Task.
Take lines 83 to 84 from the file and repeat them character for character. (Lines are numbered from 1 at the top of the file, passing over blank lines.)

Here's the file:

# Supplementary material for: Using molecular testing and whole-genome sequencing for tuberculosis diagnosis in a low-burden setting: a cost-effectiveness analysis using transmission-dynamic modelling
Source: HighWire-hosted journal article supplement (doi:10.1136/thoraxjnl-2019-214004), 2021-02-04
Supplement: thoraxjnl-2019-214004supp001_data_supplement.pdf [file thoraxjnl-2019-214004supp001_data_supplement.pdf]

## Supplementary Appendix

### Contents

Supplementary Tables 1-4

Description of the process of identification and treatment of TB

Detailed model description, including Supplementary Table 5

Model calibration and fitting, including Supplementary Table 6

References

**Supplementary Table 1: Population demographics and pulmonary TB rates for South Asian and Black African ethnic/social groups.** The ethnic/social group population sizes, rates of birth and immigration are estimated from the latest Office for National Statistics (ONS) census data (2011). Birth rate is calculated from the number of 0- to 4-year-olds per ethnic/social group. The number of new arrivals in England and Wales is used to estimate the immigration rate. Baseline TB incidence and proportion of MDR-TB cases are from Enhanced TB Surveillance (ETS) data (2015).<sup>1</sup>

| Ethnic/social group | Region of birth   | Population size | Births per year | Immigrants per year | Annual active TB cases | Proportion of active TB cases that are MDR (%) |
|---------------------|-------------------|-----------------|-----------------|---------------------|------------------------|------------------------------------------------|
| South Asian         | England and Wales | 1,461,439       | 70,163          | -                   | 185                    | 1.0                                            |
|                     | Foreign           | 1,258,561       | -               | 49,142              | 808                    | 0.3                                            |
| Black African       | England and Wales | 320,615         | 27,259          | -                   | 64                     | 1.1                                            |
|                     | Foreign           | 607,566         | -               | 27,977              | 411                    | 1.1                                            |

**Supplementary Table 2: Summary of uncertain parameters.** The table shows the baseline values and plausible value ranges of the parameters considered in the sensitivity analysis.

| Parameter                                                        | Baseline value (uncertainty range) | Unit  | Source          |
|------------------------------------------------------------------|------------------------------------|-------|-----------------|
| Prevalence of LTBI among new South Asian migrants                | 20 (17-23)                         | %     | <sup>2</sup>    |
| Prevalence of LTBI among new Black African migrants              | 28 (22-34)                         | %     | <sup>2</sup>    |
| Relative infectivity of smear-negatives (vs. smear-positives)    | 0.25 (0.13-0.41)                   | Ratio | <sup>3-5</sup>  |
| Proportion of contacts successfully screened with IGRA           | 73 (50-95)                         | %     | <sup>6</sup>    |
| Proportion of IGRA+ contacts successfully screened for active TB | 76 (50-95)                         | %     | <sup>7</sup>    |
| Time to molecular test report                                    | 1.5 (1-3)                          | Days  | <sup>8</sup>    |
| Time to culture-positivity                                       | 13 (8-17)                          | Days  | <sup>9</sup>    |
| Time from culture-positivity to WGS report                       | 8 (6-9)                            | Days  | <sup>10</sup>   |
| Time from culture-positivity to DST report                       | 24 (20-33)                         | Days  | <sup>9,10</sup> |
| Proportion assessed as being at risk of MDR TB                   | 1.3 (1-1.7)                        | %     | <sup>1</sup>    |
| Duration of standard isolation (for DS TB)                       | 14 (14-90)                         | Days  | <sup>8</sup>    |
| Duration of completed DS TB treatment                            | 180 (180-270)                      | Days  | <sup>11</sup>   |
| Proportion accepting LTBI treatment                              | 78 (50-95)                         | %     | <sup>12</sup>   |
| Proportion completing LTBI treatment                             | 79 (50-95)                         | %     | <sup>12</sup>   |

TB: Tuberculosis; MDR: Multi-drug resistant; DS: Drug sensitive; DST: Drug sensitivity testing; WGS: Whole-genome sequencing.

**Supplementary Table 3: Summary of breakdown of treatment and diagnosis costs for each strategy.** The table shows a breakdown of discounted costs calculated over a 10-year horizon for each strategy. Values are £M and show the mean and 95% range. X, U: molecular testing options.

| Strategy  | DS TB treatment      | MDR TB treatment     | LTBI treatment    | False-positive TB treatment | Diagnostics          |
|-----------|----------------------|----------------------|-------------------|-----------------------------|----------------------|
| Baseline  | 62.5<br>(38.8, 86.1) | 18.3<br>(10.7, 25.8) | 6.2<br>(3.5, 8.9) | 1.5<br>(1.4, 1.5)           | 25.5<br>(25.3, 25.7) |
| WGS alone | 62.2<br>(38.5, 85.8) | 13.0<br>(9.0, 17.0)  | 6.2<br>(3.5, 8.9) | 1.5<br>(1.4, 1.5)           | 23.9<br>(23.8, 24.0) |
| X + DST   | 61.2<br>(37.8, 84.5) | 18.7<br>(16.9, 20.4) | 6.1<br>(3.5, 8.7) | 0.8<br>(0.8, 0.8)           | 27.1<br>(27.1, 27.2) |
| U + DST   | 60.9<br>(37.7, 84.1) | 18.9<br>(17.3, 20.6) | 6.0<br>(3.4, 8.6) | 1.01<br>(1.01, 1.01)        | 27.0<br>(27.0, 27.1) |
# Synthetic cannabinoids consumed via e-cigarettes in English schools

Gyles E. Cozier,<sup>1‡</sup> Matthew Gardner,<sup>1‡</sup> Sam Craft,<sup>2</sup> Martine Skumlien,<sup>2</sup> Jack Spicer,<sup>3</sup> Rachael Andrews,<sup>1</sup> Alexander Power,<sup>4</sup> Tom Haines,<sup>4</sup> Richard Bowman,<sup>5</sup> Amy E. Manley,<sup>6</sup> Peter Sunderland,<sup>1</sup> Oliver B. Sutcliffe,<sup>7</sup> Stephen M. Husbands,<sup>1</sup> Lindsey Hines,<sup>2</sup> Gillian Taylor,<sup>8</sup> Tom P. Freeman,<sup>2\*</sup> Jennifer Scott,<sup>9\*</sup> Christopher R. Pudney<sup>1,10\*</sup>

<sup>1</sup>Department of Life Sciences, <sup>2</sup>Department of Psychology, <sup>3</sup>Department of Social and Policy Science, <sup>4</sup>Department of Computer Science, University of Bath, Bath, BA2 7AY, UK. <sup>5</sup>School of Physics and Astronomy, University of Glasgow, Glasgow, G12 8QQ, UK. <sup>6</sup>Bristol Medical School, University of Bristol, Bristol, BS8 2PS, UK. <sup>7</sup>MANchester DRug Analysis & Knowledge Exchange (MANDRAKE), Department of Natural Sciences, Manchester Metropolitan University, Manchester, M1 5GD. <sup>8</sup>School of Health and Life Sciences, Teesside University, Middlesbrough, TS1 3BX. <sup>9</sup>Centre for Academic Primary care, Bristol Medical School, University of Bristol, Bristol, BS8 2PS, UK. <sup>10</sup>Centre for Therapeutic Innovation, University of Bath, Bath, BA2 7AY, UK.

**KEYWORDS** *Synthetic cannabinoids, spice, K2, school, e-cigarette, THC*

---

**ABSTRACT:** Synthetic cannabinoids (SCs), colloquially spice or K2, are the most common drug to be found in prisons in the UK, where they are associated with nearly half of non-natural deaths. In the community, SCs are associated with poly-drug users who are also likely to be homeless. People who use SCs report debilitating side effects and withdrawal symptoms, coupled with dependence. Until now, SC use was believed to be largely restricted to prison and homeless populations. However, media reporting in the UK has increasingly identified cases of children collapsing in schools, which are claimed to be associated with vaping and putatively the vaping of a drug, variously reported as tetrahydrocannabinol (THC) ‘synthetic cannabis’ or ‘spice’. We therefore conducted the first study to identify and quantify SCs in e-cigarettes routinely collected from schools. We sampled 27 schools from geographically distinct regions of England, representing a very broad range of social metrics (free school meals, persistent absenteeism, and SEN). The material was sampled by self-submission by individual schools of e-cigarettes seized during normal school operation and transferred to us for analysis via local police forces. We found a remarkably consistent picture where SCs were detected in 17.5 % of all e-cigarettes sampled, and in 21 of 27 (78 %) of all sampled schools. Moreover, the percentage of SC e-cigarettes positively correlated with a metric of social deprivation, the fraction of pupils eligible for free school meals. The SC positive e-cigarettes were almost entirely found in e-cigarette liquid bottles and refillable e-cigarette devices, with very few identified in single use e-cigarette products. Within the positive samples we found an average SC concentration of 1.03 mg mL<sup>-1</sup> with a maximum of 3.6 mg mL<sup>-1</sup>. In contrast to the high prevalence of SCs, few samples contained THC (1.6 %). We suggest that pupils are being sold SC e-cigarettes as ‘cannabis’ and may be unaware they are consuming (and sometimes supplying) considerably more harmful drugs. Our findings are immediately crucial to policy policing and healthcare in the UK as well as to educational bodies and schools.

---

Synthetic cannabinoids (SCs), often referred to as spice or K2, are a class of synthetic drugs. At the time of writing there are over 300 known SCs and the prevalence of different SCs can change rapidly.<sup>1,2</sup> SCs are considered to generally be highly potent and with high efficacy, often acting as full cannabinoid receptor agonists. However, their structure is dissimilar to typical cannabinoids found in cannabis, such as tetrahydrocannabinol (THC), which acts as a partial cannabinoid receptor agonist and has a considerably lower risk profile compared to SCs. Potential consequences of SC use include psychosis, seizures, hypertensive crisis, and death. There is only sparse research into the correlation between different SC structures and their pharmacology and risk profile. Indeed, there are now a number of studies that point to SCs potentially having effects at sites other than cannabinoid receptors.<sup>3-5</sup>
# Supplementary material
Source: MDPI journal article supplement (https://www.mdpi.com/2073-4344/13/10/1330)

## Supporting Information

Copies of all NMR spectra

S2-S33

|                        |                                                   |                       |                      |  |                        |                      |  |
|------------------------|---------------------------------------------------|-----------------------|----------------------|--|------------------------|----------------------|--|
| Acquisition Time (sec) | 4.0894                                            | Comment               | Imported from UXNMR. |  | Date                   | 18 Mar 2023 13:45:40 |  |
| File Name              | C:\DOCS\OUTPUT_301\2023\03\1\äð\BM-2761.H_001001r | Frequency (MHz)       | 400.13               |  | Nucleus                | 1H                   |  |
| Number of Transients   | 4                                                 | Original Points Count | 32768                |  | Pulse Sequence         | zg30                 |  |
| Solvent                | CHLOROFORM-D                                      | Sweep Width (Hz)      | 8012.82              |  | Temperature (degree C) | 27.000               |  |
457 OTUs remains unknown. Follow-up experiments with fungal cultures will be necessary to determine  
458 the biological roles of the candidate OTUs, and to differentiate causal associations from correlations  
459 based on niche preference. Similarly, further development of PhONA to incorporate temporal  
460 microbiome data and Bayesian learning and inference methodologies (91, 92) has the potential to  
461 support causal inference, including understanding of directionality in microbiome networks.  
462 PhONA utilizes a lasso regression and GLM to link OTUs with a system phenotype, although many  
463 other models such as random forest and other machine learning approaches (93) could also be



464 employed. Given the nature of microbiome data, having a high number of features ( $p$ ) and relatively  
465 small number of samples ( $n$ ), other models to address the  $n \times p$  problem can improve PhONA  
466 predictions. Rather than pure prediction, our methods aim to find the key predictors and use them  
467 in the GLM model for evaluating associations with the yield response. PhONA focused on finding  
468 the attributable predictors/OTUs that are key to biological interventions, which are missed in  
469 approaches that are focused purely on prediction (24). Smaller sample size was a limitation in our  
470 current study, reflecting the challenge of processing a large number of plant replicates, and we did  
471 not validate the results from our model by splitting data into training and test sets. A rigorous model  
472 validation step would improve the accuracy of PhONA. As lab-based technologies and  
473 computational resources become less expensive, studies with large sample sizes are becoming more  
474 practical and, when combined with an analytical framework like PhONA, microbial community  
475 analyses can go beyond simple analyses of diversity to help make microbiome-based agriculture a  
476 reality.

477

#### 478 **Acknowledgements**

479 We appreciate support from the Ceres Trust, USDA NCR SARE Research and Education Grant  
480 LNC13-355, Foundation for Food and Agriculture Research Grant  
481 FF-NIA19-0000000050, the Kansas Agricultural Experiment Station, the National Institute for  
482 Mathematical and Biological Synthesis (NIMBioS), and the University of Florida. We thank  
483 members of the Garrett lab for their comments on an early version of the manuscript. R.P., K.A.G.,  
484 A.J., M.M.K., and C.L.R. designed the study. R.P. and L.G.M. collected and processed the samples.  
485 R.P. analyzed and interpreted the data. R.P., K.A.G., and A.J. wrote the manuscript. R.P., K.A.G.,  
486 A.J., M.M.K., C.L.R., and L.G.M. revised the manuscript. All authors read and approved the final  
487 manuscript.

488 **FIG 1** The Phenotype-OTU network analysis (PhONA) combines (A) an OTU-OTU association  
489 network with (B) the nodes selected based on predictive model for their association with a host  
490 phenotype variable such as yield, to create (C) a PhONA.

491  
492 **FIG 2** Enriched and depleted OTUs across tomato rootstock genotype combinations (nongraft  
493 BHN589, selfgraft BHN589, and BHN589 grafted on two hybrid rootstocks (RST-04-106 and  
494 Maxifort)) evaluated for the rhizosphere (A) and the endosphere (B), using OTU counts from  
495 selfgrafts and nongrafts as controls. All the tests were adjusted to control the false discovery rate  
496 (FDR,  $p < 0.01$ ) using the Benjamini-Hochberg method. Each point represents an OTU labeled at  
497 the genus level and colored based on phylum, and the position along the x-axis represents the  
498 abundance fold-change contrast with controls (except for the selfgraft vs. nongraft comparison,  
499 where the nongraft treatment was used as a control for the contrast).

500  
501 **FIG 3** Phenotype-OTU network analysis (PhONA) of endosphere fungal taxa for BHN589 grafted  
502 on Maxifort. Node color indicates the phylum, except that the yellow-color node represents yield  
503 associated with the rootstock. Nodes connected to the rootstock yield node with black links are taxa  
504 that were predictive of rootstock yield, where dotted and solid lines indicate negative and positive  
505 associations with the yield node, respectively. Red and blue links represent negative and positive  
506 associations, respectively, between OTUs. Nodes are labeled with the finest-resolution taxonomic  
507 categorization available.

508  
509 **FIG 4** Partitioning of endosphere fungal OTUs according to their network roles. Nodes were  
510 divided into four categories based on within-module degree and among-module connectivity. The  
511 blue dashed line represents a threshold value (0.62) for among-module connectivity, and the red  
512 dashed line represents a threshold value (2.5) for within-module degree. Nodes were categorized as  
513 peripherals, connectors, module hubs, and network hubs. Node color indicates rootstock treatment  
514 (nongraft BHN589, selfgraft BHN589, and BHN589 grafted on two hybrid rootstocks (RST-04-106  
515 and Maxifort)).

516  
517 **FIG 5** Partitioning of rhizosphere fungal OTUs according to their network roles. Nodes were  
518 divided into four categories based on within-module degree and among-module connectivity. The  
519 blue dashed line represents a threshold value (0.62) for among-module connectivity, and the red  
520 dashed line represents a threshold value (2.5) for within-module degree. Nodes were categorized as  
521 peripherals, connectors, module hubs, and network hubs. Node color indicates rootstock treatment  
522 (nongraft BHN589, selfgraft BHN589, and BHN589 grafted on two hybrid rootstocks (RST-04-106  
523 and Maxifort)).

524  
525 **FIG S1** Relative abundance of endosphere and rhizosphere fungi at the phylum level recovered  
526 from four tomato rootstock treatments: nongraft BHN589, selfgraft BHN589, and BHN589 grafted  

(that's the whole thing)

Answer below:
#### 478 **Acknowledgements**

479 We appreciate support from the Ceres Trust, USDA NCR SARE Research and Education Grant  